Women do have a 10-year advantage over men when it comes to the delay of coronary heart disease, thanks to the protective effect of estrogen. Pre-menopause, estrogen helps protect the heart’s arteries and regulate lipids. But when women go into menopause, which often happens when lifestyle stresses are at their peak, their health is more likely to take a big hit.

“When we go into menopause, we lose that protective benefit of estrogen, and then you see the incidence of heart disease rise in women. If you have other risk factors – the hypertension, diabetes, a family history of heart disease and stroke – your risks are greater,” she said.

Dr. Robinson says the lifestyle changes that will make a difference in women’s health “are cheap.”  But the social and cultural norms of African American women, such as putting themselves last, make even easy changes difficult.

Next week we’ll look at how those societal and cultural norms – aided by the fast food industry – must be changed for “an albatross that has created a lot of the illnesses” to be lifted.

If you are a black woman, or you love a black woman, these are important messages, and I hope you’ll read and share this article this week, and next.

Sources:

 Metropolitan Cardiology Consultants, PC Sheila A. Robinson, MD
http://macc-heart.com/robinson.html

High Blood Pressure and African Americans

http://www.heart.org/HEARTORG/Conditions/HighBloodPressure/UnderstandYourRiskforHighBloodPressure/High-Blood-Pressure-and-African-Americans_UCM_301832_Article.jsp#.VtmY3ZMrLWU

African Americans and Kidney Disease

https://www.kidney.org/news/newsroom/factsheets/African-Americans-and-CKD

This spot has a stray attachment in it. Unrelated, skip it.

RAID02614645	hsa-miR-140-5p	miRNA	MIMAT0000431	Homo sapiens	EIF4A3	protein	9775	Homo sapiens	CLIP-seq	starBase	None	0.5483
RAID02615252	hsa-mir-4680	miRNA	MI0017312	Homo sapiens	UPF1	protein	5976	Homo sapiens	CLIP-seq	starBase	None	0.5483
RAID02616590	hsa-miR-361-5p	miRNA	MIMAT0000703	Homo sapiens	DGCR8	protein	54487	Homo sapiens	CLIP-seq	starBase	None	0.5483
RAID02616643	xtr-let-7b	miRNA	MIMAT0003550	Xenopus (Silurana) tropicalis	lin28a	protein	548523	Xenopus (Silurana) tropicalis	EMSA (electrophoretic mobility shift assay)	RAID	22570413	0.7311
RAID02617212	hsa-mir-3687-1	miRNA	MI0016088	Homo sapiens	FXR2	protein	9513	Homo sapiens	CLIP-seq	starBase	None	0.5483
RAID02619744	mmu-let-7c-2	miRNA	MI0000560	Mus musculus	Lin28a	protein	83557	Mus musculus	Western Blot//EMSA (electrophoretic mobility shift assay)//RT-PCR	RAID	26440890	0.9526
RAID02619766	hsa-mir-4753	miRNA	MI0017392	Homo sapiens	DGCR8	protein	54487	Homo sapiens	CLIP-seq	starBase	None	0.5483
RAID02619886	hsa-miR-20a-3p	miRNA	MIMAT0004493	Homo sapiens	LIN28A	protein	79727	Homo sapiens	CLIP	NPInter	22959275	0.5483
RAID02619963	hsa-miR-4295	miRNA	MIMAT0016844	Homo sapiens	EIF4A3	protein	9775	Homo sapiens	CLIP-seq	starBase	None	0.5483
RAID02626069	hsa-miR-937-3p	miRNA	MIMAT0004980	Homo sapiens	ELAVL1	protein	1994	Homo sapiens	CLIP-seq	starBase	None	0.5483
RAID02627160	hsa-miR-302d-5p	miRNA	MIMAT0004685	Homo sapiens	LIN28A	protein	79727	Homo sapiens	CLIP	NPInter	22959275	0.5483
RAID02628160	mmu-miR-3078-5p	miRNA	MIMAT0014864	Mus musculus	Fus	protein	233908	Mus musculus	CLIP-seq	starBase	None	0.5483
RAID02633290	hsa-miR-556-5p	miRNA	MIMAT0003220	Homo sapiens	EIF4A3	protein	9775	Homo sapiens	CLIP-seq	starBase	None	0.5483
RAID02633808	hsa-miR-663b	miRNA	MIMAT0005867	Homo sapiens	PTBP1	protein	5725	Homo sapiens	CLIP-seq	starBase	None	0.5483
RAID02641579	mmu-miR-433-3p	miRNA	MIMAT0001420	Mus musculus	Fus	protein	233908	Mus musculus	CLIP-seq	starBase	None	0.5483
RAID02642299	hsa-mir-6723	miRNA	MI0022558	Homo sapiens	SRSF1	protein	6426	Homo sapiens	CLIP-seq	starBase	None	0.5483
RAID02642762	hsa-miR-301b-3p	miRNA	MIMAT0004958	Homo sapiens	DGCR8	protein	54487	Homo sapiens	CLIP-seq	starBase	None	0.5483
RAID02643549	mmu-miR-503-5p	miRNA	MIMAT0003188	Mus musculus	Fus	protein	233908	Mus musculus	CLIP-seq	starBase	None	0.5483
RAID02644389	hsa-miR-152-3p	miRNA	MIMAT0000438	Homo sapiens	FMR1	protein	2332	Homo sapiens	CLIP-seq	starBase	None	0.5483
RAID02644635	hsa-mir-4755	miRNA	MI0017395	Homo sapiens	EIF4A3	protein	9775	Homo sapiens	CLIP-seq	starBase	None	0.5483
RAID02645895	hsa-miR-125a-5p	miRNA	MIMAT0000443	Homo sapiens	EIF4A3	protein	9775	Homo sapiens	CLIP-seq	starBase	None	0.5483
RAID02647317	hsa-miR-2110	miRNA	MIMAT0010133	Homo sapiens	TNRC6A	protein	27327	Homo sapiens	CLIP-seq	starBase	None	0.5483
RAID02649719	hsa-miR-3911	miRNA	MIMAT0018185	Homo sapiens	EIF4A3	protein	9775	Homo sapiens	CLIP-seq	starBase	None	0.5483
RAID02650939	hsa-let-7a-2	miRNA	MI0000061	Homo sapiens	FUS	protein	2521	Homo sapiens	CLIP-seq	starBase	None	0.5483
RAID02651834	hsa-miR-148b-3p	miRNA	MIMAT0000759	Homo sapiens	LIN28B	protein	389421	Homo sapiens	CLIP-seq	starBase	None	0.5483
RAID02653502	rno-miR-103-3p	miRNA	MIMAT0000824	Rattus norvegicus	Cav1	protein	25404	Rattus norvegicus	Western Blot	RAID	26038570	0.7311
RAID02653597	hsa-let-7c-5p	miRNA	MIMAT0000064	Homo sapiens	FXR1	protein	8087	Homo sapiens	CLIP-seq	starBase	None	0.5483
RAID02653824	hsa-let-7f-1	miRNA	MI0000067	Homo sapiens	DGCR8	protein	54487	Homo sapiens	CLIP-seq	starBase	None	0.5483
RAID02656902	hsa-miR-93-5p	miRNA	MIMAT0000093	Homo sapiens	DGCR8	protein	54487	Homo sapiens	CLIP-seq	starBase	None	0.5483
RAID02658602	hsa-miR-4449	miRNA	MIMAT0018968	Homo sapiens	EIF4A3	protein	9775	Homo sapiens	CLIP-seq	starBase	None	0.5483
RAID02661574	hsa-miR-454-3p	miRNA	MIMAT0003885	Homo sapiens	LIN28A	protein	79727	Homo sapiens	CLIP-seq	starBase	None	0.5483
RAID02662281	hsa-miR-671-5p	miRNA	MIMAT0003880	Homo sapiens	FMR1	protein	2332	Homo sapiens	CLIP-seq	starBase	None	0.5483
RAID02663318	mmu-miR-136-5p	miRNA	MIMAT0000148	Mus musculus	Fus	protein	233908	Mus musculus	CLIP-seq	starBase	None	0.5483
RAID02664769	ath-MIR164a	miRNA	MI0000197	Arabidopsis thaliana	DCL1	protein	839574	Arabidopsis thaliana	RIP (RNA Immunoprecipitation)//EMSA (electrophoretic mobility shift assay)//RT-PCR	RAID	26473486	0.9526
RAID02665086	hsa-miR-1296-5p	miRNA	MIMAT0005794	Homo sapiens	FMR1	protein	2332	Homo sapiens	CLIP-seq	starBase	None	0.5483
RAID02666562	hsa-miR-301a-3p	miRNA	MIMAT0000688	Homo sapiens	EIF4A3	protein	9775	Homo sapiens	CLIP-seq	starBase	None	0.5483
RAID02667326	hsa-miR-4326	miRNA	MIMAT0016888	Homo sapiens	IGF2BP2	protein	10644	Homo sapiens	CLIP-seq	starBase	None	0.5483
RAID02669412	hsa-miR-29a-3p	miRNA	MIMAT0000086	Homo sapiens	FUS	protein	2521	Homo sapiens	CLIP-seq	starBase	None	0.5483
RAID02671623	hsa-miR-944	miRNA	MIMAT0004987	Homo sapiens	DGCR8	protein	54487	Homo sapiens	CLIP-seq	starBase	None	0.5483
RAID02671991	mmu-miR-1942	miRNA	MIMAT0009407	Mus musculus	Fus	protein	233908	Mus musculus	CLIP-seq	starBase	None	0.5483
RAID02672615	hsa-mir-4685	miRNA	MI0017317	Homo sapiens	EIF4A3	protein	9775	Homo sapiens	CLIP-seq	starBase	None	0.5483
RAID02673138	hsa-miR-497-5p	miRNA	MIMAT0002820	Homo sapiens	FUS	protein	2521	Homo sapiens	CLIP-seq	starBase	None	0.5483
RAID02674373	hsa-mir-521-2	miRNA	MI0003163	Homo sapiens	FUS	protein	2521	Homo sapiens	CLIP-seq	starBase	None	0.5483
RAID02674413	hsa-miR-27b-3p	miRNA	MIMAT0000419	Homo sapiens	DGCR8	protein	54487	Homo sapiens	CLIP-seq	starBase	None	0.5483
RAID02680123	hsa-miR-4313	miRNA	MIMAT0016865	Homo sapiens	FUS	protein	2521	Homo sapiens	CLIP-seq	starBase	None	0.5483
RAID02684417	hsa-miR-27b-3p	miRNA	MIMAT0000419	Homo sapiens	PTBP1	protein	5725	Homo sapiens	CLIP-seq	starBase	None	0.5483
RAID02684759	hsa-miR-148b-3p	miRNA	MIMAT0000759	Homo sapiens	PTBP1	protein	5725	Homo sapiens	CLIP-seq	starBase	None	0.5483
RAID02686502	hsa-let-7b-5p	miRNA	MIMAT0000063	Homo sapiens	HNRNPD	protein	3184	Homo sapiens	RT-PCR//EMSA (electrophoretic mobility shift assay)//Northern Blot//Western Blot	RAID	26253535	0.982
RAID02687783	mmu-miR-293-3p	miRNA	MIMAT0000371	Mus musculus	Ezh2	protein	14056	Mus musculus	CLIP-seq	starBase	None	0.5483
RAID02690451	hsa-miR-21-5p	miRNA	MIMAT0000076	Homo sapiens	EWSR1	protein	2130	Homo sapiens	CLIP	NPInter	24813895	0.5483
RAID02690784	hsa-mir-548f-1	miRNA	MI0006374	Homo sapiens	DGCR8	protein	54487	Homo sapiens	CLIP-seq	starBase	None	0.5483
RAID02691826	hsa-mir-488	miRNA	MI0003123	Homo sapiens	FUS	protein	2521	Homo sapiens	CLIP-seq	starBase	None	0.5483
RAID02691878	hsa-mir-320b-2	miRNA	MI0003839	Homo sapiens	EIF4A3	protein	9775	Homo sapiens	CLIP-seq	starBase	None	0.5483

African Americans and Stroke
http://powertoendstroke.org/stroke-african-americans.html

African Americans, Heart Disease and Stroke

http://www.heart.org/HEARTORG/Conditions/More/MyHeartandStrokeNews/African-Americans-and-Heart-Disease_UCM_444863_Article.jsp#.VtnQ9pMrLWU

Revisit the value and timing of hormone therapy

http://leadership.saportareport.com/livehealthyatlanta/2015/11/13/revisit-value-and-timing-of-hormone-therapy/

Learn more about nutrition innovations – substituting healthier choices for “food as comfort” and more – on the ”Dana Barrett Show on radio biz1190, 1190 a.m., on Wednesday, March 9, 2016, from 9 a.m. – 10 a.m. when Registered Dietitian Rachel Baer, RD, LD, of Good Measure Meals, talks with Dana about getting what our bodies need to be fueled, and how some small changes in eating can make a big difference in energy and focus levels. Each Wednesday, the Vital Edge segment features the latest health, wellness, and beauty innovations. For more information, visit http://biz1190.com/danabarrett

Podcasts of prior Vital Edge segments on innovations in hormones, venous health, ditching your reading glasses, and more, are downloadable on the http://biz1190.com/danabarrettwebsite.